Deferment and forbearance let you postpone student loan payments when you can’t afford them, allowing you to keep your loans in good standing.
Deferment is generally for people who are in school, serving in the military or in the Peace Corps. Forbearance is typically for people facing temporary financial hardship.
But pausing payments is a not a good solution if you don’t foresee your financial situation changing. Interest will increase the amount you owe.
When to use deferment and forbearance
Take these steps when considering deferment or forbearance on federal loans:
- If you have subsidized federal student loans or Perkins loans, consider deferment first. These loan types don’t accrue interest in deferment. [Skip to deferment]
- If your financial hardship will be temporary, consider pausing payments through either deferment, if you qualify, or forbearance. [Skip to forbearance]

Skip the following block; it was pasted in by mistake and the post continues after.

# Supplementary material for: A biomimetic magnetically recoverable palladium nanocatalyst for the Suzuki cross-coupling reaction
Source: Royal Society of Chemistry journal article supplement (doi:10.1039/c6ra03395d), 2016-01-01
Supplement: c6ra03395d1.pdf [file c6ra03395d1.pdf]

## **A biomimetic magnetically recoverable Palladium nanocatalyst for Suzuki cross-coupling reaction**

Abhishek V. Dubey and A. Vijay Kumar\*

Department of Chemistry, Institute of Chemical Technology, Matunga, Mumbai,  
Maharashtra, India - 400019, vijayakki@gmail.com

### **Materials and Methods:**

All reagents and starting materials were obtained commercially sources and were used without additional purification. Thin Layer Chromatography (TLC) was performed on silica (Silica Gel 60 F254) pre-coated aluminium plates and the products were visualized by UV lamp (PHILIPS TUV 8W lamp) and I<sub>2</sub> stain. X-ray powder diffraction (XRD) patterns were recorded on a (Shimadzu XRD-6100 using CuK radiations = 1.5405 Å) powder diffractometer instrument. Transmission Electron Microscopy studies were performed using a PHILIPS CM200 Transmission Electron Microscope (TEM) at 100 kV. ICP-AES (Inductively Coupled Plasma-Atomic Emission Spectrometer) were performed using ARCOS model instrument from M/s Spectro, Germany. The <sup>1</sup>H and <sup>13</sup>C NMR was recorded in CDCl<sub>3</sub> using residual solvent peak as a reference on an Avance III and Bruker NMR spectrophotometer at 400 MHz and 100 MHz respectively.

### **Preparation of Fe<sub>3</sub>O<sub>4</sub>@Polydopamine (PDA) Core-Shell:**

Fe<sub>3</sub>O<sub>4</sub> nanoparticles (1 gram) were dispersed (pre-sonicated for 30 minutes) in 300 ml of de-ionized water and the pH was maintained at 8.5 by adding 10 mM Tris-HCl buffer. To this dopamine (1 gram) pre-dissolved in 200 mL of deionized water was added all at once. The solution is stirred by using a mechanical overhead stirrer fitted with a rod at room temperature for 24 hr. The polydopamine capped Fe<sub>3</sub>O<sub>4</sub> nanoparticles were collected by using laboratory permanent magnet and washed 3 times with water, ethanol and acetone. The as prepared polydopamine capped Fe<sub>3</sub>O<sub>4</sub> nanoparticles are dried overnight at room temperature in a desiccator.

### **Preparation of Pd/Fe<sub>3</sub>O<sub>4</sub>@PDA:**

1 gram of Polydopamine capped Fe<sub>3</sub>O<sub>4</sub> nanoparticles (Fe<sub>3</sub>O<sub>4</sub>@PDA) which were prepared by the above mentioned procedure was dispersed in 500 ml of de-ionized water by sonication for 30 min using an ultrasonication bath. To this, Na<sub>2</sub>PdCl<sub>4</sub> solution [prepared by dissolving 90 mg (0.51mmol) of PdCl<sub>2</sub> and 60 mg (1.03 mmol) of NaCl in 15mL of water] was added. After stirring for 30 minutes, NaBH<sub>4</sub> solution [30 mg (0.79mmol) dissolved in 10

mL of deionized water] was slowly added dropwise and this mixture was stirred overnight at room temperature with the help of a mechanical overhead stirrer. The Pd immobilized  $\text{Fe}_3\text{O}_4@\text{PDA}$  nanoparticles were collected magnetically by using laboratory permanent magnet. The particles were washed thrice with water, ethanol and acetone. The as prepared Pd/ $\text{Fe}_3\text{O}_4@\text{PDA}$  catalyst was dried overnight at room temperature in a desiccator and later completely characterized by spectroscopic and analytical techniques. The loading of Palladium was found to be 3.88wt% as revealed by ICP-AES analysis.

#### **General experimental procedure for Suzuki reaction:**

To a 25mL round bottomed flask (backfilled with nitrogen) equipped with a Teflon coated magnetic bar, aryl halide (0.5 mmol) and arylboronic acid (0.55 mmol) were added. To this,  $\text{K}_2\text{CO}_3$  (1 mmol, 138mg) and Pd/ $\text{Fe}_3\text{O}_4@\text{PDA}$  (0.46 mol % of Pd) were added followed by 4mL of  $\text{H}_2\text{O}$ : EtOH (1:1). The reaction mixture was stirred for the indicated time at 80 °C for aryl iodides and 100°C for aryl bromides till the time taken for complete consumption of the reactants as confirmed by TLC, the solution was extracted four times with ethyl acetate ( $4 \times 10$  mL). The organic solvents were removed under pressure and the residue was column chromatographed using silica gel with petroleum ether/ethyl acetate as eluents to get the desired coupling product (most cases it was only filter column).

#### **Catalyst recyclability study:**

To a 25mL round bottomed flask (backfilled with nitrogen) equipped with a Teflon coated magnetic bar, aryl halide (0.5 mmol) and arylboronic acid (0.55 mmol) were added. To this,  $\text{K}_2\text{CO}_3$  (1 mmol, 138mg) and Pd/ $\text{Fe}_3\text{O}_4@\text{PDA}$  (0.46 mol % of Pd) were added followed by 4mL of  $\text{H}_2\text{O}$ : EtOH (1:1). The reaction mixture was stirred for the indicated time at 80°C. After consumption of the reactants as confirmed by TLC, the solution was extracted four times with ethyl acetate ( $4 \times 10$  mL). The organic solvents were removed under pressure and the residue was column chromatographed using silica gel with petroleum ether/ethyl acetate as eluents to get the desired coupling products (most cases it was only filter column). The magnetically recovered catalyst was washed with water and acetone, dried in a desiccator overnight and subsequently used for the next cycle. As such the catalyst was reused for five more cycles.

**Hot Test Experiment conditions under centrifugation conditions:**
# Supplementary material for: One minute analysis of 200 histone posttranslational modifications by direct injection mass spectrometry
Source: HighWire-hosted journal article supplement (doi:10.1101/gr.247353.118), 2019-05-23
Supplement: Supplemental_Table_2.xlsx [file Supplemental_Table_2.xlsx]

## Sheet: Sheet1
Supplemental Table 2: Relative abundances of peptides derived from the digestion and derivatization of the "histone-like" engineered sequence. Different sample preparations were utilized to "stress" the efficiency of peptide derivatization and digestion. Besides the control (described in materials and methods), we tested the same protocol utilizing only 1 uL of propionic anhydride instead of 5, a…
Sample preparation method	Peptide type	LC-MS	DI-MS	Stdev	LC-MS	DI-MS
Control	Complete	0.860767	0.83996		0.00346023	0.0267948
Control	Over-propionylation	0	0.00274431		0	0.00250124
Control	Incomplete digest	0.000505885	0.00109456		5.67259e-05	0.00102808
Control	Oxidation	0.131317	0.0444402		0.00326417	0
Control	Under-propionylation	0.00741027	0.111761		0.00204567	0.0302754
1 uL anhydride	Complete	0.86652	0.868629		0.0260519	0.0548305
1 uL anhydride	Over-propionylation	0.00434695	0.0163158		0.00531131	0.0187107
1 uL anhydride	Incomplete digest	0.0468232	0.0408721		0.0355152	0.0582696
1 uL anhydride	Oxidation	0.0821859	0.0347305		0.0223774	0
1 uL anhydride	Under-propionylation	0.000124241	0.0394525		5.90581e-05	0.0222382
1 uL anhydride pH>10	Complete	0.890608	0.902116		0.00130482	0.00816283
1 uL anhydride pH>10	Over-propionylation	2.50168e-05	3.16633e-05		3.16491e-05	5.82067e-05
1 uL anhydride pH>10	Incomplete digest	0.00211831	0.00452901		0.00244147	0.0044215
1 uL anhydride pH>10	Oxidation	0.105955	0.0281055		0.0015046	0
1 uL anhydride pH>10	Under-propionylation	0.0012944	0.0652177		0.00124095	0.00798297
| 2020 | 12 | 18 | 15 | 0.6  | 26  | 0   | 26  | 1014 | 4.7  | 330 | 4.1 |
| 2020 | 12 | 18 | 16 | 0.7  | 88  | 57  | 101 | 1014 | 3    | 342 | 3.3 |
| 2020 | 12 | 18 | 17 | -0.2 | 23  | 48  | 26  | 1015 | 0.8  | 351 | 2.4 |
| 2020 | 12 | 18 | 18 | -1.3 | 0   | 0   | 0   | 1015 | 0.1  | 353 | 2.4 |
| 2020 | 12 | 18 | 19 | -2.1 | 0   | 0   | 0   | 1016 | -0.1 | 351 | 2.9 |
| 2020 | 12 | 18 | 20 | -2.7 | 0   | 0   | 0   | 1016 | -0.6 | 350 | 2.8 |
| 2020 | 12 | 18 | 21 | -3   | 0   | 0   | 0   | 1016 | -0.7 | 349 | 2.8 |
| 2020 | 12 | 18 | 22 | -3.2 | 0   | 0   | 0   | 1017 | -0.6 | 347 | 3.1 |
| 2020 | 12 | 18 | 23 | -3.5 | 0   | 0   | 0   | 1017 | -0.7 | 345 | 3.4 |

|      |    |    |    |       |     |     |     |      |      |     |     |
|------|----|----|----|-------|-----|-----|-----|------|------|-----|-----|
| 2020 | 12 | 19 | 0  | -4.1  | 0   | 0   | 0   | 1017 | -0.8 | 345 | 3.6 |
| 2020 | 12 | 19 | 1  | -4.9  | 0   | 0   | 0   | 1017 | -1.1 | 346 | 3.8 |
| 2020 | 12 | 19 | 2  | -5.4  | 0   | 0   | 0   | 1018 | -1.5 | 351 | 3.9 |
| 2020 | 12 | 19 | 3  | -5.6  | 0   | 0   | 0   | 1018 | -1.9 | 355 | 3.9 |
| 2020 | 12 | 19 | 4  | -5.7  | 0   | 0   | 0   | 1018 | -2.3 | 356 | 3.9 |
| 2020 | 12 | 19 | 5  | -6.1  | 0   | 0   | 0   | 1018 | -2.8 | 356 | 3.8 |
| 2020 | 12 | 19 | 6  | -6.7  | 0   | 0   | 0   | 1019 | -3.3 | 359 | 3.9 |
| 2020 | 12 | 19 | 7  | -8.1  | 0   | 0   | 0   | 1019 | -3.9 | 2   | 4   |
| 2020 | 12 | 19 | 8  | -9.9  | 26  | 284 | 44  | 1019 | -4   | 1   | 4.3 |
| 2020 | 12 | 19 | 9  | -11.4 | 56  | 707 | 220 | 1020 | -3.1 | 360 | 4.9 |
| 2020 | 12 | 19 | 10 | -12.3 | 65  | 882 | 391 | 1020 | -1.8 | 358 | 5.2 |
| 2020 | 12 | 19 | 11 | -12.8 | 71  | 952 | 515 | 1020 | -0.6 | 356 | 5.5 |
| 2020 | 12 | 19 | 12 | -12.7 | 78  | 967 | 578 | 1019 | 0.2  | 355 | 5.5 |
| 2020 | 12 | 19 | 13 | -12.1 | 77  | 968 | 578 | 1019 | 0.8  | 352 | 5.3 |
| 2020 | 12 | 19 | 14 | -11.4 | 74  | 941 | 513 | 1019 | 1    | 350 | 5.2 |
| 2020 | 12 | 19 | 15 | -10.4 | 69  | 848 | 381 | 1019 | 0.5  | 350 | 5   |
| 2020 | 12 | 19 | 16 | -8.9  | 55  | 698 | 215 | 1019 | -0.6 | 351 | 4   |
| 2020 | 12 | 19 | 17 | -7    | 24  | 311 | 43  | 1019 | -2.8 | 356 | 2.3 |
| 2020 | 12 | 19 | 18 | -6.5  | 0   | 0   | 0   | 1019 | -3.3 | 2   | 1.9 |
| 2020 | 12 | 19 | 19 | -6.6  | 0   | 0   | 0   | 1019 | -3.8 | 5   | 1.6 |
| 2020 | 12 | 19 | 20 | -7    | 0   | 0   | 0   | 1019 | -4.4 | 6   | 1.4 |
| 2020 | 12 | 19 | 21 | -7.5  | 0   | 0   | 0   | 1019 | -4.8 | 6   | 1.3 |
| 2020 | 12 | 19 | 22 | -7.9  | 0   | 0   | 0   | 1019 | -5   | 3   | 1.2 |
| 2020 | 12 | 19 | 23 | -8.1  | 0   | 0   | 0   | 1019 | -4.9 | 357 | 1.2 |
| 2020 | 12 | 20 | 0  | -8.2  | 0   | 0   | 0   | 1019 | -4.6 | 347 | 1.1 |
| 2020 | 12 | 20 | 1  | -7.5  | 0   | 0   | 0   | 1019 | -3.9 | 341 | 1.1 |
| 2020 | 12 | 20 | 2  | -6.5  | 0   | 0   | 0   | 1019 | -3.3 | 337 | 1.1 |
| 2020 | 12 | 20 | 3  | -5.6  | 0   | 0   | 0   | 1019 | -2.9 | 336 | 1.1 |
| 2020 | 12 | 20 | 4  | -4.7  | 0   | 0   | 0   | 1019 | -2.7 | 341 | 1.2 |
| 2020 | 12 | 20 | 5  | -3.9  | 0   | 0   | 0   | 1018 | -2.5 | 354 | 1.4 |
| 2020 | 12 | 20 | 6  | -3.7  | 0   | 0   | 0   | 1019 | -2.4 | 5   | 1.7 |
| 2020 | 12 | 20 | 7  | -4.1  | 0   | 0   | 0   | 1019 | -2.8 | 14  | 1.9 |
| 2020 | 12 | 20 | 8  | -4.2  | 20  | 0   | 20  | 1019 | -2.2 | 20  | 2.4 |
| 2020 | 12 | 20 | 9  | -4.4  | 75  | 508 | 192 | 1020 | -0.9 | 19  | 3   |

- If your financial hardship will be longer lasting, apply for income-driven repayment. Your monthly payment will be tied to earnings, and you’ll get forgiveness after 20 or 25 years. [Skip to income-driven repayment]
- If you have private student loans, talk to your lender about your options. Most lenders have forbearance programs.
These programs are popular: 3.3 million federal loan borrowers were in deferment and 2.6 million were in forbearance in the first quarter of 2018. But that doesn’t mean they’re always a good idea.
If you’re seeking them out because you can’t afford your payments long-term, or you’re at risk of default, choosing deferment or forbearance indefinitely will be costly. Options like income-driven repayment, working with a student loan lawyer or even filing for bankruptcy could make sense in your situation.
Use the student loan deferment interest calculator below to see how much more you could owe.
Calculate the cost of forbearance or deferment
What is student loan deferment?